One issue I wished to take up about Joe's article on getting newbie's "hooked." I realise it was a very tongue in cheek piece, but suspect the allusion to cannabis leading to heroin may be an unintentional joke. From what I understand, it is, to a great extent, the drugs dealers, not the stuff itself, which leads to harder drugs (and hence games gurus, not Lost Cities itself that leads to Britannia or History of the World). Hence, legalising cannabis would lower the pick-up rate for heroin, perhaps. Sorry to inject liberal political pedantics into a discussion on games, though!
Jeff Ganong: In response to your comments about conversion [GGA - April, 2002], my article was intended for players who had volunteered to play a game. I'm interested in making their initial experience as pleasant as possible.
Most German-style games have strong themes. It is only natural that these themes will overlap with other hobbies and therefore attract non-gamers. I'm thinking of Dune, Lord of the Rings, Union Pacific, Finale, En Garde, etc. In such a case I'm not trying to convince someone that my hobby is superior, they are complementary.
GGA - For the record, I was not specifically referring to your article when I wrote my introductory comments in April's issue (at least not when I was speaking of gaming "evangelism"). Rather, the similar theme of Joe Golaszewski's and your articles got me thinking about the subject and my personal views on "spreading the word".
Steve Haffner: I just wanted to comment on how much I thoroughly enjoyed the article, "How to Turn Family and Friends into Gamers Using Subterfuge, Mind Control and Violence". I laughed out loud at Joe's suggestions for luring the unsuspecting non-gamers into the fold.
I often marvel at how "normal" people can sit around doing such mundane things as watching television, talking to each other, or having sex when they could be playing games. How can my wife not want to get in a quick game of Carcassonne before going to bed? What's up with that?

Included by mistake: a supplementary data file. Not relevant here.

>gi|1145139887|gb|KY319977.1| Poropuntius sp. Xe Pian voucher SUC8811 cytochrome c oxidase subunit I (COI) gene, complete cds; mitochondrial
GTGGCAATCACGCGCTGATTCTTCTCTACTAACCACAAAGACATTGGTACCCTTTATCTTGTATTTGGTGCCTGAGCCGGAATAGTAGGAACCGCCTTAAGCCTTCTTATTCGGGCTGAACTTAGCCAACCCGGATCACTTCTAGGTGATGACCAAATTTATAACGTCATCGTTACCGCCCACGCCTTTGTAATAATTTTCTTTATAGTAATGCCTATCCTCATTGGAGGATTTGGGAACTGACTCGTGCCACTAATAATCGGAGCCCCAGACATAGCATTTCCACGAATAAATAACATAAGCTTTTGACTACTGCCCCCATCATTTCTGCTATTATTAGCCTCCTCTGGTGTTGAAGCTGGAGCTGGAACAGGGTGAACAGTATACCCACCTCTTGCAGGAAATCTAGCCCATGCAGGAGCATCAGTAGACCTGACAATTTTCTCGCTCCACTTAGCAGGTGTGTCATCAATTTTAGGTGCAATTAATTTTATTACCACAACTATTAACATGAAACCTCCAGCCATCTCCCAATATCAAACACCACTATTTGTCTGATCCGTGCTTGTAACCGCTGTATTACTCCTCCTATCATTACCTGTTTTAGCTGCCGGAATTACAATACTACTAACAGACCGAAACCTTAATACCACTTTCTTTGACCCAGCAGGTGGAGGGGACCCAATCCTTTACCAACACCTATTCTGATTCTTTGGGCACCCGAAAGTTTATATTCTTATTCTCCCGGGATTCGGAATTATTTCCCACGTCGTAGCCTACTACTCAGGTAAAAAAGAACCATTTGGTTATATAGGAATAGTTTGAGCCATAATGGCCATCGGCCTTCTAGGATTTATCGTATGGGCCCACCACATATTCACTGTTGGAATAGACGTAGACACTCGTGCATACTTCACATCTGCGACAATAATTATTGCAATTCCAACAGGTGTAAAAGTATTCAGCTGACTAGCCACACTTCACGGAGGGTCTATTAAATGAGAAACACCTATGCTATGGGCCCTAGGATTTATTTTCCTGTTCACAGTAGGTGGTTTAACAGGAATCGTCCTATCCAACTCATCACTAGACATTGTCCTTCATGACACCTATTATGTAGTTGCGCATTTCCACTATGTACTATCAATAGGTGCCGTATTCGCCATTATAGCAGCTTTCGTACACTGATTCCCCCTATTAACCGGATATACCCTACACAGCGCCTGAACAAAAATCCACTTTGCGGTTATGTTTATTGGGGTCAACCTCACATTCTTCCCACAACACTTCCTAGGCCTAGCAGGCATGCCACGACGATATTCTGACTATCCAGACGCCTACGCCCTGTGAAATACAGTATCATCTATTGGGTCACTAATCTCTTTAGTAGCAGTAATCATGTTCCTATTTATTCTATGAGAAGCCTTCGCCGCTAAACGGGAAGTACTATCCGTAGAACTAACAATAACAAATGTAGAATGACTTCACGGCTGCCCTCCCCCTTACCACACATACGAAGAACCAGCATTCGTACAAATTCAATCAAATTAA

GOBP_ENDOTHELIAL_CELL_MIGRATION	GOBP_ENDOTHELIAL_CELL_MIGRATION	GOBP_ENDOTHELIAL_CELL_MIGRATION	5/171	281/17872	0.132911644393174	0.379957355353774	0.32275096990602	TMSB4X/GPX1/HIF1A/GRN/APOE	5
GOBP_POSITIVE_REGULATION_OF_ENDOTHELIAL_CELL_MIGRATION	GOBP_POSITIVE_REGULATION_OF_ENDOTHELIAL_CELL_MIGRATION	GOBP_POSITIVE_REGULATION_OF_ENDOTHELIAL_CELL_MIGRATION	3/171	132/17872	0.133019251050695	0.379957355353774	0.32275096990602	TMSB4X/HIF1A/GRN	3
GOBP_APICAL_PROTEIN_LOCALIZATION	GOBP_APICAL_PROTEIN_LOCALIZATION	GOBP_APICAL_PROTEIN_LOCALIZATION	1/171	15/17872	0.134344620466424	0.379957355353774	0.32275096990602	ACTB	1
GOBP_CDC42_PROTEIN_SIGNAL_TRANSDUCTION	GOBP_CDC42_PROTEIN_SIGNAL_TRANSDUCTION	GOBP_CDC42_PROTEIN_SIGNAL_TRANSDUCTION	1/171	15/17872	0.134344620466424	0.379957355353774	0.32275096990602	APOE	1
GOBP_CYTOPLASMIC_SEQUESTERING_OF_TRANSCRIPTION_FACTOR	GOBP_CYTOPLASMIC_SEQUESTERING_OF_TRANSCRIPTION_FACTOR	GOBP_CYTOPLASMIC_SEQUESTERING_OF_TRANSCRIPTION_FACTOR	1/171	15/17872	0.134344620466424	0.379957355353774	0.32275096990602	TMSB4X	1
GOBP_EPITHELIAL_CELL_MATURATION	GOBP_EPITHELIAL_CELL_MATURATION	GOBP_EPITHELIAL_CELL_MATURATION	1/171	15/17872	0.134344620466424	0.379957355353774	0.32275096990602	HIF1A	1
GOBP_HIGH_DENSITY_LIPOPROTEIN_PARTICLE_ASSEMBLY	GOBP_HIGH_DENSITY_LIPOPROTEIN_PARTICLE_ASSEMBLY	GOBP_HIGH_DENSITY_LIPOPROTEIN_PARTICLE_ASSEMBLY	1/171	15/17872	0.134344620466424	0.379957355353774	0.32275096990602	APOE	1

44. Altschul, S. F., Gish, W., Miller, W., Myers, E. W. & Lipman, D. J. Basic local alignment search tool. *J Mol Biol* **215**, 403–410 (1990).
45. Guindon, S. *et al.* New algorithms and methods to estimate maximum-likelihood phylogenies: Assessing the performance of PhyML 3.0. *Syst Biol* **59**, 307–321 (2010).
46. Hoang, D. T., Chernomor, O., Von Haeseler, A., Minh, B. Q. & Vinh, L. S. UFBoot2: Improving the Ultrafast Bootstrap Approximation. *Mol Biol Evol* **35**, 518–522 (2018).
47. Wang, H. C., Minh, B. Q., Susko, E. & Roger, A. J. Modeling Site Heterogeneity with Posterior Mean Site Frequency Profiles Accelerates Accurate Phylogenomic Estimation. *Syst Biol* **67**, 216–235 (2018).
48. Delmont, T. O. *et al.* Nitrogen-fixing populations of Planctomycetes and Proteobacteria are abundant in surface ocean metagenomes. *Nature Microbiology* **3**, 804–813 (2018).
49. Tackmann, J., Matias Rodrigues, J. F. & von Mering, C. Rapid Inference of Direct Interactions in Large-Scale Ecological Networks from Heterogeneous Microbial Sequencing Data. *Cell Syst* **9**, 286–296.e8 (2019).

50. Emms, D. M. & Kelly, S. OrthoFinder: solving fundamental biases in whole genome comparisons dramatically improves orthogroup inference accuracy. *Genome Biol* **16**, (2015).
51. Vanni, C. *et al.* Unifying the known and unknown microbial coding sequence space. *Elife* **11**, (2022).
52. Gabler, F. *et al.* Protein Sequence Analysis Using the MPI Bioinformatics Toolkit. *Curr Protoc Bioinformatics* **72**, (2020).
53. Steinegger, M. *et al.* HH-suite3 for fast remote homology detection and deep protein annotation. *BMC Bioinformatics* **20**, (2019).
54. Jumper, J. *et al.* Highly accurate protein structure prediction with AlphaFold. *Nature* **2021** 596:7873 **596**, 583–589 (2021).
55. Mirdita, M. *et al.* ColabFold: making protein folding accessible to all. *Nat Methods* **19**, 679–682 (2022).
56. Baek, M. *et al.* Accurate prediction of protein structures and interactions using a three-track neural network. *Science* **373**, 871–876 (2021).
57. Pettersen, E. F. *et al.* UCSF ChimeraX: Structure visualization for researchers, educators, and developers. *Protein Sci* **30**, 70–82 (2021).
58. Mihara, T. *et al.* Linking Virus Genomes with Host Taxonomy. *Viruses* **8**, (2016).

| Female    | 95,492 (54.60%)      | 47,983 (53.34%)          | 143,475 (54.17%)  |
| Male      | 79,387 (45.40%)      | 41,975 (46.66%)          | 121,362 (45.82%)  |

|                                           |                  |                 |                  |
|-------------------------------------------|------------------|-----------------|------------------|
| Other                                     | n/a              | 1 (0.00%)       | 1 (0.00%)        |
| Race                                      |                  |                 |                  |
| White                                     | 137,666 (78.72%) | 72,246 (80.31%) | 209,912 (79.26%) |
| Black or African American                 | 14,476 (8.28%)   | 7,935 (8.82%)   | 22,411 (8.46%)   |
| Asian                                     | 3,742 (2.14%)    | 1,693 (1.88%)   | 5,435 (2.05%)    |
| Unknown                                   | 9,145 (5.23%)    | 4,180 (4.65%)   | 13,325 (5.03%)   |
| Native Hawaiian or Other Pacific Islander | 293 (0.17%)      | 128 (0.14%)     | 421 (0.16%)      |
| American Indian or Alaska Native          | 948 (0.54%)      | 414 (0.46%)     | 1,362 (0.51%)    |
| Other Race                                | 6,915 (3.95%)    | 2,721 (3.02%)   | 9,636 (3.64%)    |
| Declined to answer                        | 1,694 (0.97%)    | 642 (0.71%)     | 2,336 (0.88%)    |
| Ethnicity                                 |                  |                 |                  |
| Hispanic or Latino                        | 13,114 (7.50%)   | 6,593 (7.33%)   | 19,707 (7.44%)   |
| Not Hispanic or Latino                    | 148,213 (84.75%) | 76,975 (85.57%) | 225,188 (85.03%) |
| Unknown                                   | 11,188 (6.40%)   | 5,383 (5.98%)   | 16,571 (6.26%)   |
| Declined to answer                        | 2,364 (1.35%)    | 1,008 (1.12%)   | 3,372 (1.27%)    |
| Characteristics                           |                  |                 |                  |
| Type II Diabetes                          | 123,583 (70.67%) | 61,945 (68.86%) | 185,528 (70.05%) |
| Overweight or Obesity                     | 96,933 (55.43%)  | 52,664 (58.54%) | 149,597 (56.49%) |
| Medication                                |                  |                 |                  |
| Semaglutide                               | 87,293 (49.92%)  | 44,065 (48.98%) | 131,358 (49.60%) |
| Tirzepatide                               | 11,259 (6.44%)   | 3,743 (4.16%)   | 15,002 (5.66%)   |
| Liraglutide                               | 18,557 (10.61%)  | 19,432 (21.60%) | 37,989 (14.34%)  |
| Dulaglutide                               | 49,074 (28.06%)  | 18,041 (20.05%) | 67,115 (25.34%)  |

Kevin P. Greaves: Both Jeff Ganong and Joe Golaszewki have valid points in their articles on converting non gamers. I would have to say though -- "that I am appalled by the assumption that if you don't already play [German] games you are adverse to the very idea." I have found that given the time and the option most people will while away the hours with friends playing games.
I also wouldn't dismiss games like Sorry as quickly as Joe did. I find Sorry to be enjoyable and have found the variant rules useful in converting people to "serious" gaming. Also Joe's last suggestion for getting one's friends to consider gaming (smashing the TV) could be counter productive in my house where the TV is used for several (non video) games; Nightmare and Channel Surfing to name two.
Anyway, both articles were very good and enjoyable. Keep up the good work.
Jon Power: I've never understood why board games are packaged in boxes with separate lids and bases. The German design of the deeper, squarer box (because they use a quarterboard) is much better than the old long, flat boxes we grew up with. But why use this design anyway? Look around your house at what stuff comes in; cornflakes, power tools, cameras, radios, big stuff, little stuff, it's all put into CARTONS! OK, there's loads of stuff in plastic molded cases, but most stuff in boxes is actually in cartons, a single box with a folding flap which tucks in at the top.